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Note: Peter Baklinski is a Canadian-based reporter for

“When they saw the star, they rejoiced exceedingly with great joy.” – Matthew 10:2

COMBERMERE, On, December 24, 2013 ( – “Tim, can you see anything yet?” Joe and I asked eagerly as we both braced the rickety old step-ladder in the middle of the snow-covered yard.

“No, not yet,” Tim shouted down from near the top. “But I think one should start shining any moment. It’s almost dark now. Keep on holding the ladder steady.” 

It was the night before a Christmas in the late 1980s. The three of us boys were bound and determined to find the first twinkling star in the ever darkening sky. 

And why were we looking for the first star? Because of our family’s long-lived tradition that the Polish Christmas feast celebrated on Christmas Eve could only begin when the first star appeared in the heavens.


The Polish Christmas feast is the supreme meal of the year. It’s the meal by which all other meals are rated and judged – at least that’s what my brothers and I thought. There are twelve sumptuous courses beginning with a deep red beet soup, traveling through pierogies (Polish dumplings stuffed with things like potato and cheddar cheese) topped with sour cream, moving on to numerous fish dishes, sauerkraut fried for hours in buttery onions and mushrooms, and many more. Each dish has a spiritual meaning connected to Christ’s birth. My mouth simply waters writing about it. 

The most surprising thing about this meal is that it’s meatless, to remind us of the poverty of the stable in Bethlehem. But between you and me, there was nothing impoverished about this meal of meals (that’s the Slavic mindset for you, feasting in times of alleged fasting).

Joe and I braced the ladder, our hands beginning to grow numb from the biting cold. Our logic seemed absolutely flawless in our childlike minds. To us young lads between ages 7-11, it made perfect sense that the higher up we were in the sky, the sooner we’d spot that first star. And the sooner we spotted the star, the sooner we would start the feast.

“Anything yet Tim?” I shouted up.

“I think… I see… something…,” he replied hesitatingly. “It’s hard to tell…”

“Keep looking,” Joe said encouragingly, his breath coming out all frosty in the frigid night air.

A few moments passed by.

“I SEE ONE, I SEE ONE,” Tim’s voice suddenly sang out enthusiastically. “Look, look over there,” he said, pointed with his finger. 

There was no denying it. We could all see it plainly. A bright beautiful star shining out of the darkness.

“Quick, let’s go tell Mom it’s supper time,” Tim said. “Yes, let’s,” Joe and I chimed in.

The three of us in snow pants, thick winter coats, heavy boots, and mittened hands, abandoning the ladder in the middle of the yard, rushed merrily through the deep snow towards the golden-glowing windows of our family’s farm house. We burst through the front door, shouting aloud that it was time to start the Christmas feast…. 

Reflecting on this experience today, I vividly recall the anticipation of seeing that first star, followed by joy and excitement at its appearing. To me the star meant the beginning of the greatest birthday feasting of the year. To the wise men it meant the arrival of a new king who would change the world forever.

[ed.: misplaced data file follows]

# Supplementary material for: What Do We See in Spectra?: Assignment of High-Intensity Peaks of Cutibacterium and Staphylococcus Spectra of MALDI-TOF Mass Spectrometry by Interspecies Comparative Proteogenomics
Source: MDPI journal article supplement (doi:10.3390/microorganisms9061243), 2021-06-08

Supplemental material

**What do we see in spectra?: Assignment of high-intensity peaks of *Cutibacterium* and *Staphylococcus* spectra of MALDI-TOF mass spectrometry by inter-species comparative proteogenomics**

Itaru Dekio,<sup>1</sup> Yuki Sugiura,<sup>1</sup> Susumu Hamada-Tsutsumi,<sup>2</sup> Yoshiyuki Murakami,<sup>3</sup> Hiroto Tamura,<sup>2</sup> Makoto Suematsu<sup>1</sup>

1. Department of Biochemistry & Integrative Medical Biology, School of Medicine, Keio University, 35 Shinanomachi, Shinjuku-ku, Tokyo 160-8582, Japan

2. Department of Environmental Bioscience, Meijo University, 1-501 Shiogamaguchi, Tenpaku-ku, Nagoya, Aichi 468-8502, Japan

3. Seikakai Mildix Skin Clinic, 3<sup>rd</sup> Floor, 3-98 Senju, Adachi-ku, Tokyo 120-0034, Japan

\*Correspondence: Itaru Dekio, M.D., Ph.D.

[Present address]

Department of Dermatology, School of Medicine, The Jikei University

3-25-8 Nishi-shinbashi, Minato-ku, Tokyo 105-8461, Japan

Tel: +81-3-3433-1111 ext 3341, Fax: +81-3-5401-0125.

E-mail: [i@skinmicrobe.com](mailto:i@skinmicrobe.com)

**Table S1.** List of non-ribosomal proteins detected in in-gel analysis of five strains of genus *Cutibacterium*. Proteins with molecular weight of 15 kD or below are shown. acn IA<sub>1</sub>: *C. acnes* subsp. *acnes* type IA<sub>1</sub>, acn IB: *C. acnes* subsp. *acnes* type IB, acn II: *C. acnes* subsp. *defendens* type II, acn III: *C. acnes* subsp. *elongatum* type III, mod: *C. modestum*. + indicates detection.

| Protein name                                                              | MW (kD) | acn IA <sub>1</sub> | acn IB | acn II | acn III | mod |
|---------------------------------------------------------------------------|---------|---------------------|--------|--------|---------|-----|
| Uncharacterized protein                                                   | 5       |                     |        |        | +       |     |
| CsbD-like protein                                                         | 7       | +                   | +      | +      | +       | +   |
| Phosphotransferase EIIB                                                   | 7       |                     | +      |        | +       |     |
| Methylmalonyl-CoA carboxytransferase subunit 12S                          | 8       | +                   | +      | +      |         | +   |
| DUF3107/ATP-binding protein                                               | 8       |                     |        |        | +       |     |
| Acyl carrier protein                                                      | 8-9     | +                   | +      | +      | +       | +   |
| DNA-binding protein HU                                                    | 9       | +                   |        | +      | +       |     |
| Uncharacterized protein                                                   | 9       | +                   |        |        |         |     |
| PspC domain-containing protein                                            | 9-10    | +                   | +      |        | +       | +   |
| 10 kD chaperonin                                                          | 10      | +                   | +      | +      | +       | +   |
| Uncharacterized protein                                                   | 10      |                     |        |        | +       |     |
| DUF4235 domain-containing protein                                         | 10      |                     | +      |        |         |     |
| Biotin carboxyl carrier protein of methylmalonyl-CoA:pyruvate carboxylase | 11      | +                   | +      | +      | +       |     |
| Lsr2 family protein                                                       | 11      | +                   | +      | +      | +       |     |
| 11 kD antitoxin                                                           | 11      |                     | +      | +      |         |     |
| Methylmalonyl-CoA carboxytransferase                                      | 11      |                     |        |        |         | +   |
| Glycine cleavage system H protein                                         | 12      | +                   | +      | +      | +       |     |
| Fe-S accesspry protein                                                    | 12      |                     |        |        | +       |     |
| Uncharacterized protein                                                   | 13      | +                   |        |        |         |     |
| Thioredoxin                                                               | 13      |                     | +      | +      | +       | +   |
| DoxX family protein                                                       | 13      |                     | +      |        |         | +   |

“For we have seen his star in the East, and have come to worship him.” -Matthew 2:2

As I grow older (and hopefully wiser), I begin to realize the meaning of the feasting, the fine wine, the bedecked Christmas tree, the decorated house, the carols, is all to help our hearts celebrate the birth of Christ with a true joy and excitement.

Why should Christ’s birth be celebrated? Because God saw the best way to reveal himself was through the defenselessness, dependency, and utter weakness of a tiny baby. Why is this worthy of celebration? Because a baby cannot be loved too much, cherished too much, contemplated too much. In other words, the God of the entire cosmos wanted to make it very easy for us to love him, so he came as a little baby. Pure genius!

Christmas is awesome because it reveals the heart of the God we worship. The circumstances of his birth reveal a God who is simple, humble, who is unafraid of poverty. He is a God who humbles himself so he can be approached by all.

That he deigned to come as a little baby reveals a God who sees defenselessness, dependency, and weakness as the greatest way of showing his power. We see this self-emptying strategy (see Phil. 2:7) being used thirty-three years later on Calvary. Works every time. He is a God who totally empties himself so that he can be loved by all.

You know what I think? Christmas reveals that at the heart of God is the heart of a child. If we want to enter heaven one day, we have to beg him for a heart just like his own, the heart of a child (Matt. 18:3). 

Christmas is the perfect time to admit that most of us are tin-men in search of a real living heart. It’s the perfect time to approach the Divine Wizard — it’s so easy, he’s just a baby — and ask for a new heart with which to love.

This Christmas day let’s pray — both you and me— to receive the heart of a child from the new born Jesus. “Lord, give me the heart of a child, and the awesome courage to live it out as an adult,” once prayed Servant of God Catherine Doherty, foundress of the Madonna House Apostolate. It’s a radical prayer, one that could turn the culture around if enough people started living it out. 

If you’re driving down Highway 62 tonight and see a child atop a ladder in the midst of a snowy yard, it’s probably me with my seven year-old daughter looking for the first star, at my suggestion…

“Maranatha, Lord Messiah, long awaited from afar.
Come and make your home among us.
Let us see your birthing star.”
      – From the hymn Maranatha, Lord Messiah


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